California Gull

The California Gull (Larus californicus) is a medium-sized gull that is common throughout the western United States. Adults typically measure between 19 and 23 inches in length, with a wingspan of 49 to 54 inches. They weigh between 1.1 and 2.1 pounds, with males generally being slightly larger than females. Juvenile California Gulls are typically smaller and have less distinct markings than adults.

One of the distinguishing field marks of the California Gull is its yellow bill with a red spot near the tip. The head and upperparts of adults are a light gray color, while the wings and tail are darker. The breast and belly are white, and the legs and feet are yellow. In flight, the white trailing edge of the wings is also a distinctive feature. Juvenile California Gulls have brownish-gray feathers on their upperparts and brownish streaks on their breast and belly.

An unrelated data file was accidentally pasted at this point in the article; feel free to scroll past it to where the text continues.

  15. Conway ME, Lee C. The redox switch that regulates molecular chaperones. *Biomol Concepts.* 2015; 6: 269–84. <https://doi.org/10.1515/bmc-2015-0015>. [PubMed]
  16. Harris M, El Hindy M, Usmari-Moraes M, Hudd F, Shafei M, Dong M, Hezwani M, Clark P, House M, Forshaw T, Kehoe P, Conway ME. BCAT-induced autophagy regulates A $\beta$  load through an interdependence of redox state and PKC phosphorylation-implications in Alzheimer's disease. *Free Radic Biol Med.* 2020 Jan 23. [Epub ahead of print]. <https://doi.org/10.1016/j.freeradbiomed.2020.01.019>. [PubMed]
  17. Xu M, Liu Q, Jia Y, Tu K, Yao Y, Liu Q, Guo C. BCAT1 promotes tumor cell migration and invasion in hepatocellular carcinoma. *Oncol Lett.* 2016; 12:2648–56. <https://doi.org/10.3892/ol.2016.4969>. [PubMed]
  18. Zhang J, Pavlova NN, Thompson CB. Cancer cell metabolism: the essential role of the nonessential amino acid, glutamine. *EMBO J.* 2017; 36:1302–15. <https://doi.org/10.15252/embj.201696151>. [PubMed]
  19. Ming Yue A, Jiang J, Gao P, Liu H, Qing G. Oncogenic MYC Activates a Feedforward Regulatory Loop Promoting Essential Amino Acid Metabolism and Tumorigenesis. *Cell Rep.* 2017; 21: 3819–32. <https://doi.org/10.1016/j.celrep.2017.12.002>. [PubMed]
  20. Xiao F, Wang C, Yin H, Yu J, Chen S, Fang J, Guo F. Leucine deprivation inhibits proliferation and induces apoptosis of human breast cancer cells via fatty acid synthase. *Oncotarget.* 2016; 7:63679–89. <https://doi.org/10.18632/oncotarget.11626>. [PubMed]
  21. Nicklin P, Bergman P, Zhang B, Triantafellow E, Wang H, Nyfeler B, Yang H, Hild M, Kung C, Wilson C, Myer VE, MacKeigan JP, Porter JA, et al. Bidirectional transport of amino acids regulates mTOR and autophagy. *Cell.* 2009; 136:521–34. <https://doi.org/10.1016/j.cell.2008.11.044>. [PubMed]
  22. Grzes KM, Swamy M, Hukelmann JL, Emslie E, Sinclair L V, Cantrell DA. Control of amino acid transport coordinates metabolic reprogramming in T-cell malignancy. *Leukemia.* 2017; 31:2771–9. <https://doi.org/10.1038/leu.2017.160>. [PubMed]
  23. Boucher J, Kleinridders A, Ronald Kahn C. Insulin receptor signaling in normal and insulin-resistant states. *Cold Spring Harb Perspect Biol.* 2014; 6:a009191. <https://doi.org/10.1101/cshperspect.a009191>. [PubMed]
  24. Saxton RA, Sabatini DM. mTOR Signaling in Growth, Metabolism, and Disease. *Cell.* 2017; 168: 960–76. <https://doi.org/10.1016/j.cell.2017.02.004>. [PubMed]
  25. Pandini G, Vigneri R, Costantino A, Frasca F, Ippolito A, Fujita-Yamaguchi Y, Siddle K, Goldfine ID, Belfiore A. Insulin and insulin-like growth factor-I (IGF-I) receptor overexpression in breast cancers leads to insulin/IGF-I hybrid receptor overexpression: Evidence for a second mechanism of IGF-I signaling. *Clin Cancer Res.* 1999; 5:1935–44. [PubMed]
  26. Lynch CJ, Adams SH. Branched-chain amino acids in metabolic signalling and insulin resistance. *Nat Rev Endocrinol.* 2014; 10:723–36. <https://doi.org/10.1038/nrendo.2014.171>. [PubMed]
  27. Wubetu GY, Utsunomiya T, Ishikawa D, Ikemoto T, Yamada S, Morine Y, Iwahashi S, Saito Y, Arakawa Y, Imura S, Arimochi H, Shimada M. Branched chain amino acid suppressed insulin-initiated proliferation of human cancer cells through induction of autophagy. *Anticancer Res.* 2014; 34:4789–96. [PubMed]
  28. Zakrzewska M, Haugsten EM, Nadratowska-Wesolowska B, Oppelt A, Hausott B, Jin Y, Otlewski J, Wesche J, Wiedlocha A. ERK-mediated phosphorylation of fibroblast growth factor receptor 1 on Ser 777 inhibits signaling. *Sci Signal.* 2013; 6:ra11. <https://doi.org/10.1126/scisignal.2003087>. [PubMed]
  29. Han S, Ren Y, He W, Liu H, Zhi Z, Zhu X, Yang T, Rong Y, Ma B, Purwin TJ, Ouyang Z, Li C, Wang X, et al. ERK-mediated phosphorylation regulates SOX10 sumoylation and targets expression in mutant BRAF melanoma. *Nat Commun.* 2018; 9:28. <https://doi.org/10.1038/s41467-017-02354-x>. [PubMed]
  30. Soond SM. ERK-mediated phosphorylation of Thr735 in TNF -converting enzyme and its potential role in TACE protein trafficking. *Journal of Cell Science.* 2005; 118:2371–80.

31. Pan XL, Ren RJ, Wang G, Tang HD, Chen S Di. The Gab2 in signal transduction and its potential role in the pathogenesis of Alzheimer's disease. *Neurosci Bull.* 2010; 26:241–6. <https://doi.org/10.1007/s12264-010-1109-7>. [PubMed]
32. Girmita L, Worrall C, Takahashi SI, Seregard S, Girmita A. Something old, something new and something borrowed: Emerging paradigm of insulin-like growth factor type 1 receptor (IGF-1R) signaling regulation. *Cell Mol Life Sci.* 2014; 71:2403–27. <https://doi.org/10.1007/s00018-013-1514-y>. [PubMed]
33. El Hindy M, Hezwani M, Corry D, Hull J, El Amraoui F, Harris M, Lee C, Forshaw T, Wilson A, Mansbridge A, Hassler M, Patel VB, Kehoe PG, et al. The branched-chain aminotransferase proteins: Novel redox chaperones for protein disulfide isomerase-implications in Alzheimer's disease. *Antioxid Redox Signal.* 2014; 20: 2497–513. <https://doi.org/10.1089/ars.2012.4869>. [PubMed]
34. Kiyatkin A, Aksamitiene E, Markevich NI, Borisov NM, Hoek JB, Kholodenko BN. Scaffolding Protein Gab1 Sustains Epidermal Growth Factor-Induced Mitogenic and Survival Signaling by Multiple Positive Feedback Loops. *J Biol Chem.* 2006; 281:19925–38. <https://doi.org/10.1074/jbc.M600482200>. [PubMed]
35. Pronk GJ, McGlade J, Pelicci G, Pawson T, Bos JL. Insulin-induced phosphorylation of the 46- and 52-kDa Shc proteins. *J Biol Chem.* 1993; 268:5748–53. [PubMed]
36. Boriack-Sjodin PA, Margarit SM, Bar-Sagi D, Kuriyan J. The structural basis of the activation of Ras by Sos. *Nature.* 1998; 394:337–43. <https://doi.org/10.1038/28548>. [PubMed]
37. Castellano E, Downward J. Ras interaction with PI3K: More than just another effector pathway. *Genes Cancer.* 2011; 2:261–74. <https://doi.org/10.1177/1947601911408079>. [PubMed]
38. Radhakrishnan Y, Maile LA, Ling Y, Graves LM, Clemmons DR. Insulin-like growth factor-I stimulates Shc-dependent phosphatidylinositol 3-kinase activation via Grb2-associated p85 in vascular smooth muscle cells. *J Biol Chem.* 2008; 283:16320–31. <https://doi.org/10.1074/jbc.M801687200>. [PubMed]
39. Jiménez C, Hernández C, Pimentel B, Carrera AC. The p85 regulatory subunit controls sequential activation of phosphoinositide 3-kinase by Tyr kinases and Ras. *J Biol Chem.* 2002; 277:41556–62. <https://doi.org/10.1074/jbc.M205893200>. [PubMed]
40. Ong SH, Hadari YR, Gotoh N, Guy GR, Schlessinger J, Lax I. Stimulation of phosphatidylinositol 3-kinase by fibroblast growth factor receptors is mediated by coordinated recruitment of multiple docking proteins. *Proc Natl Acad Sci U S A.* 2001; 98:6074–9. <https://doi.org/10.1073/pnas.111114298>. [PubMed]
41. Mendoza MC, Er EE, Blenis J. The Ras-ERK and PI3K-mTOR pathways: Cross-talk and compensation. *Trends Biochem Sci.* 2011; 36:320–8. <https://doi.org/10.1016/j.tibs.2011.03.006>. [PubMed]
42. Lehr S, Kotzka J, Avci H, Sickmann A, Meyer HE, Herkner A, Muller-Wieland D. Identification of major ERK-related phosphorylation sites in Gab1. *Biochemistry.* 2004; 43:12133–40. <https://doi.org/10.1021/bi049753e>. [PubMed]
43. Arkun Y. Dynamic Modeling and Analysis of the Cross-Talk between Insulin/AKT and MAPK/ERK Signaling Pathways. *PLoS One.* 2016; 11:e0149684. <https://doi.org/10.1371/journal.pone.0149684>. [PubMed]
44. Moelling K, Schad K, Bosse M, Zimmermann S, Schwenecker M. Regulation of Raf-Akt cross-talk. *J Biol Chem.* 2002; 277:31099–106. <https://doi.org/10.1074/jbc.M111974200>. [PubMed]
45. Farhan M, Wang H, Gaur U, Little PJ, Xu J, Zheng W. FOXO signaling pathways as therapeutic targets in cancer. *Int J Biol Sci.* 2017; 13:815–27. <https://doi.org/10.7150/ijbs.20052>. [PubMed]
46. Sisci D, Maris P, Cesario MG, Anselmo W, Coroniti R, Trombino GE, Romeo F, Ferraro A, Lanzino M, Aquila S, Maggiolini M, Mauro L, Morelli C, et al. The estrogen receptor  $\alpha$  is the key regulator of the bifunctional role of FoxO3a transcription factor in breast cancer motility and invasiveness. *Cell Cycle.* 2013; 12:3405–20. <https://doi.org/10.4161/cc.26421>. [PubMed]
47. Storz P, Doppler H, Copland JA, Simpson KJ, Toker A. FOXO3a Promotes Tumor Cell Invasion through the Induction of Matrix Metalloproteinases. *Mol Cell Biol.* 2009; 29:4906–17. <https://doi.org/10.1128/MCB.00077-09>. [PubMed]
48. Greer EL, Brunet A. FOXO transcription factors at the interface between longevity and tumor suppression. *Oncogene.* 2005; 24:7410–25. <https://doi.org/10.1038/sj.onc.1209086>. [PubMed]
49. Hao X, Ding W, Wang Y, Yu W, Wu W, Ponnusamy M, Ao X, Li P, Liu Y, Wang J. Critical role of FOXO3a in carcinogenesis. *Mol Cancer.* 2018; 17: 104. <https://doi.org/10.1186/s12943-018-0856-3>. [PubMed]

California Gull

California Gulls are migratory birds that breed in western North America and spend the winter along the Pacific coast, from southern California to Mexico. They typically begin arriving at their breeding grounds in late March or early April and leave in September or October. During the breeding season, California Gulls can be found nesting on islands, lakeshores, and wetlands throughout the western United States, including the Great Salt Lake in Utah.

California Gulls are omnivorous and feed on a variety of foods, including fish, insects, small mammals, and carrion. They are also known to scavenge at landfills and garbage dumps. During the breeding season, California Gulls will also feed on the eggs and chicks of other bird species, leading to their classification as a “kleptoparasite” species.

Overall, the California Gull is a widespread and adaptable bird that is an important part of the western North American ecosystem. With its distinctive appearance and migratory behavior, it is a fascinating species to observe and study for bird enthusiasts and researchers alike.

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